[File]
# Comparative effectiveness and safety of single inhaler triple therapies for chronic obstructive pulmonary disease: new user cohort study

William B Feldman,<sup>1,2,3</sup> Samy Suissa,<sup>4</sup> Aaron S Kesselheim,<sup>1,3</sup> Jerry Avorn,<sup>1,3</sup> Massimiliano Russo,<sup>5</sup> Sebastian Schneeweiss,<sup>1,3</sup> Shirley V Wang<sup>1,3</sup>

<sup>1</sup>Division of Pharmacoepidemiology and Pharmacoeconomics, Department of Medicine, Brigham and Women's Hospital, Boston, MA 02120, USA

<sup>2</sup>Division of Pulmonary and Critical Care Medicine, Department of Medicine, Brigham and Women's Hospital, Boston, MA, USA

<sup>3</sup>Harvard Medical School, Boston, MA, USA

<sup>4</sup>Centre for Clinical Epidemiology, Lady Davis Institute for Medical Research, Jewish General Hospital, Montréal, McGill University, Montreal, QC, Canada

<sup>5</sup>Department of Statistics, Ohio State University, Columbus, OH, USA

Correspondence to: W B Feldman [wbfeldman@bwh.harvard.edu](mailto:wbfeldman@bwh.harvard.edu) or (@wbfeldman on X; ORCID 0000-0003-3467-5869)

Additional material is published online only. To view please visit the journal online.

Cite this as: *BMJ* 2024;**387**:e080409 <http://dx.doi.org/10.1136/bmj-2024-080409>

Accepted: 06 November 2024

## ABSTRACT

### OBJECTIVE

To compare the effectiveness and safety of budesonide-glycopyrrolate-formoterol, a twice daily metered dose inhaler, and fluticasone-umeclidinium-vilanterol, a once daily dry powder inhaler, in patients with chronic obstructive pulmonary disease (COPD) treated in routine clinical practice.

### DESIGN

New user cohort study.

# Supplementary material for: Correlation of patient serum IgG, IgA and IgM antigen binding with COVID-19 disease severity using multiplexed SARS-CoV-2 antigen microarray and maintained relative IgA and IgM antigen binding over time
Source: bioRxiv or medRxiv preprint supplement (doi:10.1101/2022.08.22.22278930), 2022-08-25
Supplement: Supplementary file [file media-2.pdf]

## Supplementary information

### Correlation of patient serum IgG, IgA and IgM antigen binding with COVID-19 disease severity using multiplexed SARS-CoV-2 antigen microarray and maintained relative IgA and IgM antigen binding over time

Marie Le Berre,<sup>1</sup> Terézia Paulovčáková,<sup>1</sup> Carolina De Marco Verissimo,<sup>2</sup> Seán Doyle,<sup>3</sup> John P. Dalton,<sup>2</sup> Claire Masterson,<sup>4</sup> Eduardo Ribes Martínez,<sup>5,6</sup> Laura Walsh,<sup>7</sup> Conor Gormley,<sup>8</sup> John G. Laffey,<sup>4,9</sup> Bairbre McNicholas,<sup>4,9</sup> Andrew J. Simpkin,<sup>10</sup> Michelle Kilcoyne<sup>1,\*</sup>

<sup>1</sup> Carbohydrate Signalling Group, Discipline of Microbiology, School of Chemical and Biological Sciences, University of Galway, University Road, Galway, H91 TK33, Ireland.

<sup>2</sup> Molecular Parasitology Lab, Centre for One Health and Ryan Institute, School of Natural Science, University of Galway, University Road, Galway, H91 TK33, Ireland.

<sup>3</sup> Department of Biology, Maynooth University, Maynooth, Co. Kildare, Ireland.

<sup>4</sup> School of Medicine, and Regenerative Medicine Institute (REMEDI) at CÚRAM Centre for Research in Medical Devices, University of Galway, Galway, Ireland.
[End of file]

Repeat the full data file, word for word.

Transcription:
# Comparative effectiveness and safety of single inhaler triple therapies for chronic obstructive pulmonary disease: new user cohort study

William B Feldman,<sup>1,2,3</sup> Samy Suissa,<sup>4</sup> Aaron S Kesselheim,<sup>1,3</sup> Jerry Avorn,<sup>1,3</sup> Massimiliano Russo,<sup>5</sup> Sebastian Schneeweiss,<sup>1,3</sup> Shirley V Wang<sup>1,3</sup>

<sup>1</sup>Division of Pharmacoepidemiology and Pharmacoeconomics, Department of Medicine, Brigham and Women's Hospital, Boston, MA 02120, USA

<sup>2</sup>Division of Pulmonary and Critical Care Medicine, Department of Medicine, Brigham and Women's Hospital, Boston, MA, USA

<sup>3</sup>Harvard Medical School, Boston, MA, USA

<sup>4</sup>Centre for Clinical Epidemiology, Lady Davis Institute for Medical Research, Jewish General Hospital, Montréal, McGill University, Montreal, QC, Canada

<sup>5</sup>Department of Statistics, Ohio State University, Columbus, OH, USA

Correspondence to: W B Feldman [wbfeldman@bwh.harvard.edu](mailto:wbfeldman@bwh.harvard.edu) or (@wbfeldman on X; ORCID 0000-0003-3467-5869)

Additional material is published online only. To view please visit the journal online.

Cite this as: *BMJ* 2024;**387**:e080409 <http://dx.doi.org/10.1136/bmj-2024-080409>

Accepted: 06 November 2024

## ABSTRACT

### OBJECTIVE

To compare the effectiveness and safety of budesonide-glycopyrrolate-formoterol, a twice daily metered dose inhaler, and fluticasone-umeclidinium-vilanterol, a once daily dry powder inhaler, in patients with chronic obstructive pulmonary disease (COPD) treated in routine clinical practice.

### DESIGN

New user cohort study.

# Supplementary material for: Correlation of patient serum IgG, IgA and IgM antigen binding with COVID-19 disease severity using multiplexed SARS-CoV-2 antigen microarray and maintained relative IgA and IgM antigen binding over time
Source: bioRxiv or medRxiv preprint supplement (doi:10.1101/2022.08.22.22278930), 2022-08-25
Supplement: Supplementary file [file media-2.pdf]

## Supplementary information

### Correlation of patient serum IgG, IgA and IgM antigen binding with COVID-19 disease severity using multiplexed SARS-CoV-2 antigen microarray and maintained relative IgA and IgM antigen binding over time

Marie Le Berre,<sup>1</sup> Terézia Paulovčáková,<sup>1</sup> Carolina De Marco Verissimo,<sup>2</sup> Seán Doyle,<sup>3</sup> John P. Dalton,<sup>2</sup> Claire Masterson,<sup>4</sup> Eduardo Ribes Martínez,<sup>5,6</sup> Laura Walsh,<sup>7</sup> Conor Gormley,<sup>8</sup> John G. Laffey,<sup>4,9</sup> Bairbre McNicholas,<sup>4,9</sup> Andrew J. Simpkin,<sup>10</sup> Michelle Kilcoyne<sup>1,\*</sup>

<sup>1</sup> Carbohydrate Signalling Group, Discipline of Microbiology, School of Chemical and Biological Sciences, University of Galway, University Road, Galway, H91 TK33, Ireland.

<sup>2</sup> Molecular Parasitology Lab, Centre for One Health and Ryan Institute, School of Natural Science, University of Galway, University Road, Galway, H91 TK33, Ireland.

<sup>3</sup> Department of Biology, Maynooth University, Maynooth, Co. Kildare, Ireland.

<sup>4</sup> School of Medicine, and Regenerative Medicine Institute (REMEDI) at CÚRAM Centre for Research in Medical Devices, University of Galway, Galway, Ireland.